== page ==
Women's Suffrage - Why I am Wearing White on Election Day
Inez Milholland Boissevain
An Election of Firsts
The 2016 Election in the United States is a historically significant year. Although free elections are commonplace in American society and serve as the bedrock foundation of American values, this election year is particularly unique for a number of reasons. Hillary Clinton represents the Democratic Party and, if elected, would be the first female president. Every president in American history has had prior political experience (senators, governors, vice-presidents, congressmen, cabinet member, etc.) or prior military experience (generals or other military officer). Clinton's Republican opponent, Donald Trump, would be the first to break that mold if he were successful.
Clinton was not necessarily ever viewed as a fashion icon; some may say that her wardrobe over the years was a bit awkward - dotted with periods of headbands and conservative suits and sometimes matronly gowns. But during her presidential campaign, she is known for her stylish Armani or Ralph Lauren pantsuits. Then at the Democratic National Convention after several speakers wore white attire, Clinton appeared in a white Ralph Lauren suit. I'm sure I am not the only person lost in a fashion moment rather than a political message her suit was sending. But then it clicked. The Suffragists. For her first debate, forget the stereotypically masculine red power tie, she wore a red suit. The second debate called for the next patriotic color, blue (and white). I made a notation in my head about the patriotic colors in succession. At the third debate she appeared again in a white Lauren suit. The fashion journalists can talk about the color trend and how white can still be appropriate after Labor Day. But I thought about the tribute to the Suffragists.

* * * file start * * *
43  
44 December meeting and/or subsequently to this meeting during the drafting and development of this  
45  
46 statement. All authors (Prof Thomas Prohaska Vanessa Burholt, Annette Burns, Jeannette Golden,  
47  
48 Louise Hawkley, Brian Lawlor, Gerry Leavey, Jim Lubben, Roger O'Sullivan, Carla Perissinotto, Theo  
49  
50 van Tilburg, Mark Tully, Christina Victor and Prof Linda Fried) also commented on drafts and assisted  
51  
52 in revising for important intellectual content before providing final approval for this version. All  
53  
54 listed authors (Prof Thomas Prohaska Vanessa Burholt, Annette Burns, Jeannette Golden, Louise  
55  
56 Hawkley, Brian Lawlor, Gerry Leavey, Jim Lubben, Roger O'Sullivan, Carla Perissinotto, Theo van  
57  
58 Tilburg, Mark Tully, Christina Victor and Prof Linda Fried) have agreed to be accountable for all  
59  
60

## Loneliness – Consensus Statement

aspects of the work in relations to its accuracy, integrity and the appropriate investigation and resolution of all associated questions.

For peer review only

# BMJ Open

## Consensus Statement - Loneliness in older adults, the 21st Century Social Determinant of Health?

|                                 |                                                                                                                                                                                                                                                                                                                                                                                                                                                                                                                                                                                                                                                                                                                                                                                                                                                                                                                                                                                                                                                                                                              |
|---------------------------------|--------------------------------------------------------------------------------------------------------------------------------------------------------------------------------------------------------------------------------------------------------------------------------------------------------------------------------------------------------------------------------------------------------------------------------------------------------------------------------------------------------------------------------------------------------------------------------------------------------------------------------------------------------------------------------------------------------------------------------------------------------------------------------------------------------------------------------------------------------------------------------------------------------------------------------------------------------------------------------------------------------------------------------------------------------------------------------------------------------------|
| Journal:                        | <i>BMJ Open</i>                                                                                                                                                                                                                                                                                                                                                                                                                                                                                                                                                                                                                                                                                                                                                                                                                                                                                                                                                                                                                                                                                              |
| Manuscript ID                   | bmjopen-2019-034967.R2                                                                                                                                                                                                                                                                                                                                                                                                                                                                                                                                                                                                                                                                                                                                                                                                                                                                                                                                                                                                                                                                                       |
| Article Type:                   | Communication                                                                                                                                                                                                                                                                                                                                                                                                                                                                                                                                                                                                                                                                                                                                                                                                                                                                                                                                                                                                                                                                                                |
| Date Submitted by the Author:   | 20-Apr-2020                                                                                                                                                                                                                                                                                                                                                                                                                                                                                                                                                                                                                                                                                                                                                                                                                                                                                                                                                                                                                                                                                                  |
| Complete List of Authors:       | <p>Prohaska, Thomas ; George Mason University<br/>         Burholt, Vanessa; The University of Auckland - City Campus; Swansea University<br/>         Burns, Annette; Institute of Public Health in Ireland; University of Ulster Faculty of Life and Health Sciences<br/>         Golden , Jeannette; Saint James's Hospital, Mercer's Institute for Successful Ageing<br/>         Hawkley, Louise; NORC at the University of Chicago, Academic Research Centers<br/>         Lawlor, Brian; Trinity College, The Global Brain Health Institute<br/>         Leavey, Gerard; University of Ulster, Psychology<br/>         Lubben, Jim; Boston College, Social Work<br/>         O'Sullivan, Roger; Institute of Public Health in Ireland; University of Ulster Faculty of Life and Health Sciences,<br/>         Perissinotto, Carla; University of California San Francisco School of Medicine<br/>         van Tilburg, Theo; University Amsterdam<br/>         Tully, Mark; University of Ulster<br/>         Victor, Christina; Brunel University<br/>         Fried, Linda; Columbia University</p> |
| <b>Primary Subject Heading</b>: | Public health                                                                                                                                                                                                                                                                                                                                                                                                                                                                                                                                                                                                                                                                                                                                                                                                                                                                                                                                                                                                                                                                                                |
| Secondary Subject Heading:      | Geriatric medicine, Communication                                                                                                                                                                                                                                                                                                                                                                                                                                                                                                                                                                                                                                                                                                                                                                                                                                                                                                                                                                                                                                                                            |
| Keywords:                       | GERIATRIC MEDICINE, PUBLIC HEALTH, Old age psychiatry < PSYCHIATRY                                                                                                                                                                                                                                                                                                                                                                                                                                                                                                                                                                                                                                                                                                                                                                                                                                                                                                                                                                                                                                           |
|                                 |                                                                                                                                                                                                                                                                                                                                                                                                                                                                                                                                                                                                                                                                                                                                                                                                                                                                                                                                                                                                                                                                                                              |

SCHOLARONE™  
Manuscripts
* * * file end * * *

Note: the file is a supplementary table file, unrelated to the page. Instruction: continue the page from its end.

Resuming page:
In 1920, nearly 100 years ago (96 to be exact), women first exercised their right to vote in the United States. But for nearly 100 years before the amendment was ratified, women fought to be heard at the polls, for the right to be enfranchised and hold the benefit of full citizenship as equal to men.
The American Suffragists
Women's rights were placed on hold in the mid-1800s as the Abolitionist movement prioritized the end of slavery, the nation struggled with Civil War, the passage of the 13th, 14th and 15th Amendments, and Reconstruction. Voting rights for newly-freed African-American men took precedence.
Just four states afforded women the right to vote prior to 1910 - Wyoming (1869), Colorado (1893), Utah (1896), and Idaho (1896). (History, Art, and Archives. U.S. House of Representatives). Part of the challenges in expanding the right to vote stemmed from opposing visions by the women's organizations themselves - namely the National Woman Suffrage Association (NWSA), focused toward changing federal law and the American Woman Suffrage Association (AWSA), which advocated for building national momentum by focusing on the state level. Alice Paul, in 1914, then formed the National Women's Party. Incredibly enough, not unlike today, the greatest challenges were in mobilizing the base. Susan B. Anthony and Ida H. Harper cowrote, “In the indifference, the inertia, the apathy of women, lies the greatest obstacle to their enfranchisement.” In Women and the American Experience, historian Nancy Woloch described their efforts as “a crusade in political education by women and for women, and for most of its existence, a crusade in search of a constituency.” (Woloch).
Hedwig Reicher as Columbia
Alison Turnbull Hopkins
Parade Delegations Wore White
Although arguably the best way to demonstrate one's love for one's country is participate in the electoral process, the Suffragists were mocked, threatened, and criticized for being unpatriotic for their demands for equality and representation, particularly since the nation was embroiled in a war.